This article contains minor spoilers.
“Grantchester” is a British ITV detective drama set in the 1950s English Cambridgeshire village of the same name. The series, now in its sixth season, is part of PBS’s Masterpiece Mystery programming.
The focal point of the show is Anglican vicar William Davenport (Tom Brittney), who works with local Detective Inspector Geordie Keating (Robson Green) to solve cases in and around the village. The series is based on “The Grantchester Mysteries,” collections of short stories written by James Runcie and the series creator is executive producer and head writer Daisy Coulam.
Throughout its run, the show has addressed crime while delving into various social issues, including the nascent Black Civil Rights movement and now, in season six, the illegal status of gay people.
Grantchester’s curate, Leonard Finch (Al Weaver) is gay. That storyline has developed over several seasons and has included Leonard’s breach with his father over being gay, his relationship with photographer Daniel Marlowe (Oliver Dimsdale) and his “coming out” to Will and the vicarage’s devoutly religious housekeeper Mrs. Chapman (Tessa Peake-Jones).
As season six opens, the central characters are on holiday together — Will, Leonard, Daniel, Mrs. C and her husband, Jack (Nick Brimble), Geordie and his wife Cathy (Kacey Ainsworth) and their children. The group has gone to Merries, a holiday venue in the country. Think the Poconos with bungalows and a small amusement-park-like aspect.
All the couples are having a relaxing time and — as intimated — a lot of sex in the bungalows. Including Leonard and Daniel.
But all is not what it seems at Merries. While everyone is having a good time, a murder occurs and it is revealed that Merries has been a hotbed of blackmail and intrigue for years.
Merries’ on-site photographer, Bryan (Michael Abubakar), has a series of exchanges with Leonard in which they discuss being “different.” The encoded language is painful, but clear. “Being different isn’t so terribly bad,” Leonard reassures Bryan in his best pastoral way. “Better than being something you’re not.”
But Bryan takes that soothing message as an invitation and leans in for a kiss when the two are alone in Bryan’s cabin. Leonard recoils. The viewer knows it’s because he’s in love with Daniel, but that is not how his response is perceived.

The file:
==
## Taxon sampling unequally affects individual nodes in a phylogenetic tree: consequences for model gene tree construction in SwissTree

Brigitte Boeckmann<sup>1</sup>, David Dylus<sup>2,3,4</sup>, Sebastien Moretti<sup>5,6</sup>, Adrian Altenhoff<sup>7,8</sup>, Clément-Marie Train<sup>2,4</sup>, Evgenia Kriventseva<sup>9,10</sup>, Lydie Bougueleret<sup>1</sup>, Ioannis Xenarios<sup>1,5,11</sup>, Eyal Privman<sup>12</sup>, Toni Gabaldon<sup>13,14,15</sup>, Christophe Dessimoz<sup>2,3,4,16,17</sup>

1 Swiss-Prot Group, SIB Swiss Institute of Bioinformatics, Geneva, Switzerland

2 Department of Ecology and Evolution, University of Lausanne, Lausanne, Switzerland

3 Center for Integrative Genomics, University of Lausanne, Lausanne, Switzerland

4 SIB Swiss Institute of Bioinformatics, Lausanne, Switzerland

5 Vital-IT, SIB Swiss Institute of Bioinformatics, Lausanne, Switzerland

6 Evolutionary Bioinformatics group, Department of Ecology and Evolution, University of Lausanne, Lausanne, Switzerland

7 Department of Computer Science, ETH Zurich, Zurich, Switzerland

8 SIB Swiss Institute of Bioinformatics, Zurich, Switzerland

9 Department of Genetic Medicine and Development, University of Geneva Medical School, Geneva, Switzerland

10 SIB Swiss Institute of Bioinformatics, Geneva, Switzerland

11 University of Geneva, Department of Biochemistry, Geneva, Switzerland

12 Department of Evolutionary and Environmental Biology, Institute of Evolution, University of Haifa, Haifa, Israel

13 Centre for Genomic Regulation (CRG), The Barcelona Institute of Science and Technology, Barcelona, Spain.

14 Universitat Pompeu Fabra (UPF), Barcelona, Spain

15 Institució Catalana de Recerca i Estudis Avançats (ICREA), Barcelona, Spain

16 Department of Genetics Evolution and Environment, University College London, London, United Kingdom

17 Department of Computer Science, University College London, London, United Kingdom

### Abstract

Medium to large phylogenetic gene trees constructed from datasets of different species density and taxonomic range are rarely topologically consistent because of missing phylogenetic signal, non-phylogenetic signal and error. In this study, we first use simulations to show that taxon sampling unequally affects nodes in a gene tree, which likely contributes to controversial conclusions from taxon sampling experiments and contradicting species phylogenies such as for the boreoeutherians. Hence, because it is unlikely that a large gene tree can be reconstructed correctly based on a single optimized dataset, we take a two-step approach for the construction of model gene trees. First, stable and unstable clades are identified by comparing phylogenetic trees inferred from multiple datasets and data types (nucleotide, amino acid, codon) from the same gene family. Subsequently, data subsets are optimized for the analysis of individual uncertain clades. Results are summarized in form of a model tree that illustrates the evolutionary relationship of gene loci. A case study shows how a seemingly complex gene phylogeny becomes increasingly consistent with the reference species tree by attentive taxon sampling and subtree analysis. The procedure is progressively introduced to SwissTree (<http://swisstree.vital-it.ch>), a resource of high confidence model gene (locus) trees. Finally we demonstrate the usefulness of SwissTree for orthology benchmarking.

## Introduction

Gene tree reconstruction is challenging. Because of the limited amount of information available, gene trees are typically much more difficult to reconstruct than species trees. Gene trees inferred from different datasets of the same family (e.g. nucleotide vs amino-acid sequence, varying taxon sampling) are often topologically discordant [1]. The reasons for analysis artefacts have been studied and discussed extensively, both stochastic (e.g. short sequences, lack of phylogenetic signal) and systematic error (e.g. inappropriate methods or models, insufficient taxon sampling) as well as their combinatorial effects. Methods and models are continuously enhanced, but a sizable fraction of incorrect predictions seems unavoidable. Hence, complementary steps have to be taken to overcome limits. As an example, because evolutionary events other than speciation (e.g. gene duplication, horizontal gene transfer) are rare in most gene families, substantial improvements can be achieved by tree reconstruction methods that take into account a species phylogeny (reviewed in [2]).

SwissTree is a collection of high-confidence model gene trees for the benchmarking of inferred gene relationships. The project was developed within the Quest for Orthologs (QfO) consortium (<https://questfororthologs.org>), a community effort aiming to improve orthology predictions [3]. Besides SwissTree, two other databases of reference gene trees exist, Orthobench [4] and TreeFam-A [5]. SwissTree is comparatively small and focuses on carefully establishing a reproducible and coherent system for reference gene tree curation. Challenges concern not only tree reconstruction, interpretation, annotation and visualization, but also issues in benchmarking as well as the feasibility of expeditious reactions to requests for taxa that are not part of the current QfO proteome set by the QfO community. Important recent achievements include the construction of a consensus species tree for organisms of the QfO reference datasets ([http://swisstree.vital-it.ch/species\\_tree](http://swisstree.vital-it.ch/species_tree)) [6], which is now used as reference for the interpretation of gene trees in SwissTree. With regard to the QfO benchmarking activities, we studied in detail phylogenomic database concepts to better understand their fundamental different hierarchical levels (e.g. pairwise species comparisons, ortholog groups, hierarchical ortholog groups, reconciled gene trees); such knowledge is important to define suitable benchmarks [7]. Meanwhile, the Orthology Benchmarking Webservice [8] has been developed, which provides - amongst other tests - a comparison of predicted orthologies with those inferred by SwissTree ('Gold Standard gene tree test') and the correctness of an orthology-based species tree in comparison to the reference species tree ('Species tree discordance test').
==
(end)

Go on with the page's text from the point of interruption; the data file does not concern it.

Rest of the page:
Leonard says he’s sorry and practically runs for the door. Bryan is left feeling confused and hurt. Had he misread what Leonard was saying? When he goes to Leonard’s cabin later to talk, he discovers Leonard and Daniel in bed together. His sense of betrayal is complete, but Leonard and Daniel are terrified. Their secret, once known only to Will and Mrs. C, is now in the hands of a stranger.
Bryan then begins to stalk Leonard and Daniel, who are feeling the freedom of being in a place where they are not known and where there are quiet places for them to hold hands and even kiss out in the open because there is no one around.
No one, except Bryan, who is doing what he does best: taking photos to blackmail people with. Hell hath no fury like a closeted gay blackmailer scorned.
As this first episode in the new season draws to a close, Bryan goes to Will and tells him he saw Leonard in a carnal — and illegal — act with another man. Will assures Bryan he will take care of it and urges him not to say anything to anyone else. But in the final scene we see Bryan developing photographs of a tender moment between Leonard and Daniel as they sit on a bench eating ice cream like any couple in love.
This season of Grantchester focuses on what happens next when Bryan blackmails Leonard and, since money is never enough for a blackmailer, goes not just to the police, but to the archbishop. What evolves from there is as compelling a story of the recent past of gay lives as we’ve ever seen. The series of crises that ensue threatens everything that Leonard has built his life around.
For above all, Leonard, who is by nature a timid, introverted and deeply religious man, wants to do the right thing by God, country, and much further down the list, himself.
Leonard is constantly torn by his guilt over being gay. But his relationship with Daniel and his friendship with Will and familial relationship with Mrs. C have all led him to realize that he is worthy of happiness. But then Bryan’s actions threaten not just the life he has built for himself, but his own sense of self that has been so hard fought for. The ensuing scandal rocks Grantchester and polarizes the town. What happens next is devastating.
This series has always been superb. The acting, writing and direction are all stellar. But this season’s plotting around Leonard and the still-illegal “gross indecency” of being an active homosexual in the decade before Stonewall is extraordinary.
The way this series delves into the various characters’ emotional connections to Leonard and how each is by turns driven to do what they must according to their positions is brilliantly conveyed.
Al Weaver’s portrayal of Leonard is especially extraordinary. In scene after scene we see a man who is compelled by the warring factions of himself — his love of God, his vicarage family, his parishioners, and of course, his love of Daniel. The series of events that transpires once the blackmail is in play is instructive for gay viewers: This was not that long ago that gay and lesbian people were arrested and charged for the crime of being themselves.
We don’t want to give away too much, but this is must-watch TV. The things that happen, the alliances that are forged and the ones that are sundered are truly shocking. There is a lot here and all of it forces the viewer to consider that this is still the way LGBTQ people are living still, today, under threat of exposure and all that might mean.
“Grantchester” airs on PBS Sundays at 9pm, as well as on NJTV and streaming online.